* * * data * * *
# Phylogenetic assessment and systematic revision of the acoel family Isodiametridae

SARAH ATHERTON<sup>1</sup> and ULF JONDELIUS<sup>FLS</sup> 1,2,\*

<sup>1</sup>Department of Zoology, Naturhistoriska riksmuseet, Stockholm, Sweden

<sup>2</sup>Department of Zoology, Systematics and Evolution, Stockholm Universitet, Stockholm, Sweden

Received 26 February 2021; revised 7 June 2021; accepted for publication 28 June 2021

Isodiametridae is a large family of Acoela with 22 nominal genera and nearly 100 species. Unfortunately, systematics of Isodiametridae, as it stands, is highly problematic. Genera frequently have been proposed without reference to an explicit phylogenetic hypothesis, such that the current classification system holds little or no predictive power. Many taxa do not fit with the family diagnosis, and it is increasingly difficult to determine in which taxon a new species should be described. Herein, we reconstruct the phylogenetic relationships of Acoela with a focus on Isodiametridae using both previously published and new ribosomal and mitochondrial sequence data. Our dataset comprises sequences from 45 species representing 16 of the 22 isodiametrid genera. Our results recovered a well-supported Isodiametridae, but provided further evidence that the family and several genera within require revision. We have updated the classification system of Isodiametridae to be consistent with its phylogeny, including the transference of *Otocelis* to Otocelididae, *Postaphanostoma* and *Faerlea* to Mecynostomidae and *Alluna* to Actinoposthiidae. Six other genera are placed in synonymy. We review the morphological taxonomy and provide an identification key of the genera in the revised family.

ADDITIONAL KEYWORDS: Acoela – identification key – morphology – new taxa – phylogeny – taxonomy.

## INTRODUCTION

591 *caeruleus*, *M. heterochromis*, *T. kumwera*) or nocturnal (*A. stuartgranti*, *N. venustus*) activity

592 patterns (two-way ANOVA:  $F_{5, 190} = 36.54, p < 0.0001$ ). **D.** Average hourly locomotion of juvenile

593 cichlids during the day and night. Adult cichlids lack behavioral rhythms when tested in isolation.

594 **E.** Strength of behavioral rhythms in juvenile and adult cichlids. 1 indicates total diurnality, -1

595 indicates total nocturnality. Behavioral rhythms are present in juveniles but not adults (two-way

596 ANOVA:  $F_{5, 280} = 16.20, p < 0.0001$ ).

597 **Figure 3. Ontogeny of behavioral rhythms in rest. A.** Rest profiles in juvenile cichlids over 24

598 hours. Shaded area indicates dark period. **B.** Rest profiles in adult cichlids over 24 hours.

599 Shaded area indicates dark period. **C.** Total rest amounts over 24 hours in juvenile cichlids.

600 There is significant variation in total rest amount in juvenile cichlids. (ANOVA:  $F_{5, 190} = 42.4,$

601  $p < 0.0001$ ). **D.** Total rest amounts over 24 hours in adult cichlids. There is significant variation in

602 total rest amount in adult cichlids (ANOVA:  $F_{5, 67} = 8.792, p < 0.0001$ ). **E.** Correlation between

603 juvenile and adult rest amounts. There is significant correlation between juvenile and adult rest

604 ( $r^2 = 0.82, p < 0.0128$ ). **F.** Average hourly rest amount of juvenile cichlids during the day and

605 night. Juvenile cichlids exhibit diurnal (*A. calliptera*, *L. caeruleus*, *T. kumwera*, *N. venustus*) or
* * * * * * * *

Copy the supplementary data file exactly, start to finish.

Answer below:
# Phylogenetic assessment and systematic revision of the acoel family Isodiametridae

SARAH ATHERTON<sup>1</sup> and ULF JONDELIUS<sup>FLS</sup> 1,2,\*

<sup>1</sup>Department of Zoology, Naturhistoriska riksmuseet, Stockholm, Sweden

<sup>2</sup>Department of Zoology, Systematics and Evolution, Stockholm Universitet, Stockholm, Sweden

Received 26 February 2021; revised 7 June 2021; accepted for publication 28 June 2021

Isodiametridae is a large family of Acoela with 22 nominal genera and nearly 100 species. Unfortunately, systematics of Isodiametridae, as it stands, is highly problematic. Genera frequently have been proposed without reference to an explicit phylogenetic hypothesis, such that the current classification system holds little or no predictive power. Many taxa do not fit with the family diagnosis, and it is increasingly difficult to determine in which taxon a new species should be described. Herein, we reconstruct the phylogenetic relationships of Acoela with a focus on Isodiametridae using both previously published and new ribosomal and mitochondrial sequence data. Our dataset comprises sequences from 45 species representing 16 of the 22 isodiametrid genera. Our results recovered a well-supported Isodiametridae, but provided further evidence that the family and several genera within require revision. We have updated the classification system of Isodiametridae to be consistent with its phylogeny, including the transference of *Otocelis* to Otocelididae, *Postaphanostoma* and *Faerlea* to Mecynostomidae and *Alluna* to Actinoposthiidae. Six other genera are placed in synonymy. We review the morphological taxonomy and provide an identification key of the genera in the revised family.

ADDITIONAL KEYWORDS: Acoela – identification key – morphology – new taxa – phylogeny – taxonomy.

## INTRODUCTION

591 *caeruleus*, *M. heterochromis*, *T. kumwera*) or nocturnal (*A. stuartgranti*, *N. venustus*) activity

592 patterns (two-way ANOVA:  $F_{5, 190} = 36.54, p < 0.0001$ ). **D.** Average hourly locomotion of juvenile

593 cichlids during the day and night. Adult cichlids lack behavioral rhythms when tested in isolation.

594 **E.** Strength of behavioral rhythms in juvenile and adult cichlids. 1 indicates total diurnality, -1

595 indicates total nocturnality. Behavioral rhythms are present in juveniles but not adults (two-way

596 ANOVA:  $F_{5, 280} = 16.20, p < 0.0001$ ).

597 **Figure 3. Ontogeny of behavioral rhythms in rest. A.** Rest profiles in juvenile cichlids over 24

598 hours. Shaded area indicates dark period. **B.** Rest profiles in adult cichlids over 24 hours.

599 Shaded area indicates dark period. **C.** Total rest amounts over 24 hours in juvenile cichlids.

600 There is significant variation in total rest amount in juvenile cichlids. (ANOVA:  $F_{5, 190} = 42.4,$

601  $p < 0.0001$ ). **D.** Total rest amounts over 24 hours in adult cichlids. There is significant variation in

602 total rest amount in adult cichlids (ANOVA:  $F_{5, 67} = 8.792, p < 0.0001$ ). **E.** Correlation between

603 juvenile and adult rest amounts. There is significant correlation between juvenile and adult rest

604 ( $r^2 = 0.82, p < 0.0128$ ). **F.** Average hourly rest amount of juvenile cichlids during the day and

605 night. Juvenile cichlids exhibit diurnal (*A. calliptera*, *L. caeruleus*, *T. kumwera*, *N. venustus*) or